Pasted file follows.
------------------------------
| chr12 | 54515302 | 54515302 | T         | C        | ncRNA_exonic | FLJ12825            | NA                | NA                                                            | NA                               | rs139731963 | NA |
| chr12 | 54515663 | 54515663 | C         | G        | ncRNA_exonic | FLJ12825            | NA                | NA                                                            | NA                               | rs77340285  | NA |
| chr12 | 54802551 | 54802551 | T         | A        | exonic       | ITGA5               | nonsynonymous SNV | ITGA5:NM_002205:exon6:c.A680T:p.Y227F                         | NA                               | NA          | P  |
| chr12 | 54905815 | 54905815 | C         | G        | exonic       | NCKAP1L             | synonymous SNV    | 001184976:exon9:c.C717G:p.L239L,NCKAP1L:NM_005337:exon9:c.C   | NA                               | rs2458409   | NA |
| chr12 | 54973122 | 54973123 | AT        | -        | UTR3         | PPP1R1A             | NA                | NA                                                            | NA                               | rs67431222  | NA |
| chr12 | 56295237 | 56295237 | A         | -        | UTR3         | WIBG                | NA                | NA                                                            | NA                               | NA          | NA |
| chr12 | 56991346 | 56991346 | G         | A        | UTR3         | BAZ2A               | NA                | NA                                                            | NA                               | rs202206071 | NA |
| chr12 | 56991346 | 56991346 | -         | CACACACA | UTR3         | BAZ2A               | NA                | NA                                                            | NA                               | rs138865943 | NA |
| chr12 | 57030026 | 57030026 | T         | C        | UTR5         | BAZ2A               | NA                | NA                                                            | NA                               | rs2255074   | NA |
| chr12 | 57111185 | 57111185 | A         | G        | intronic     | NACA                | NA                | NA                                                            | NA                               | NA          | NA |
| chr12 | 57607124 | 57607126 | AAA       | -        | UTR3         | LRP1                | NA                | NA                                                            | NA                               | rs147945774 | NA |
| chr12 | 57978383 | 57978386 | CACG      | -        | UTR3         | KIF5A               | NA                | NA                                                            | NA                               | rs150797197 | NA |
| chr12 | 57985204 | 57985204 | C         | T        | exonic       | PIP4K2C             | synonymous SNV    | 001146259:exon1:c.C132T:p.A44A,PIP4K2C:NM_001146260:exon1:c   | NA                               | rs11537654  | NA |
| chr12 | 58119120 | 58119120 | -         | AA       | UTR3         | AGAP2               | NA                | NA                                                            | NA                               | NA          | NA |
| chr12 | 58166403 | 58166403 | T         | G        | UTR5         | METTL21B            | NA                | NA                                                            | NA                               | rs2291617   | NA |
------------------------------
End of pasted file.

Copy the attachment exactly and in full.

| chr12 | 54515302 | 54515302 | T         | C        | ncRNA_exonic | FLJ12825            | NA                | NA                                                            | NA                               | rs139731963 | NA |
| chr12 | 54515663 | 54515663 | C         | G        | ncRNA_exonic | FLJ12825            | NA                | NA                                                            | NA                               | rs77340285  | NA |
| chr12 | 54802551 | 54802551 | T         | A        | exonic       | ITGA5               | nonsynonymous SNV | ITGA5:NM_002205:exon6:c.A680T:p.Y227F                         | NA                               | NA          | P  |
| chr12 | 54905815 | 54905815 | C         | G        | exonic       | NCKAP1L             | synonymous SNV    | 001184976:exon9:c.C717G:p.L239L,NCKAP1L:NM_005337:exon9:c.C   | NA                               | rs2458409   | NA |
| chr12 | 54973122 | 54973123 | AT        | -        | UTR3         | PPP1R1A             | NA                | NA                                                            | NA                               | rs67431222  | NA |
| chr12 | 56295237 | 56295237 | A         | -        | UTR3         | WIBG                | NA                | NA                                                            | NA                               | NA          | NA |
| chr12 | 56991346 | 56991346 | G         | A        | UTR3         | BAZ2A               | NA                | NA                                                            | NA                               | rs202206071 | NA |
| chr12 | 56991346 | 56991346 | -         | CACACACA | UTR3         | BAZ2A               | NA                | NA                                                            | NA                               | rs138865943 | NA |
| chr12 | 57030026 | 57030026 | T         | C        | UTR5         | BAZ2A               | NA                | NA                                                            | NA                               | rs2255074   | NA |
| chr12 | 57111185 | 57111185 | A         | G        | intronic     | NACA                | NA                | NA                                                            | NA                               | NA          | NA |
| chr12 | 57607124 | 57607126 | AAA       | -        | UTR3         | LRP1                | NA                | NA                                                            | NA                               | rs147945774 | NA |
| chr12 | 57978383 | 57978386 | CACG      | -        | UTR3         | KIF5A               | NA                | NA                                                            | NA                               | rs150797197 | NA |
| chr12 | 57985204 | 57985204 | C         | T        | exonic       | PIP4K2C             | synonymous SNV    | 001146259:exon1:c.C132T:p.A44A,PIP4K2C:NM_001146260:exon1:c   | NA                               | rs11537654  | NA |
| chr12 | 58119120 | 58119120 | -         | AA       | UTR3         | AGAP2               | NA                | NA                                                            | NA                               | NA          | NA |
| chr12 | 58166403 | 58166403 | T         | G        | UTR5         | METTL21B            | NA                | NA                                                            | NA                               | rs2291617   | NA |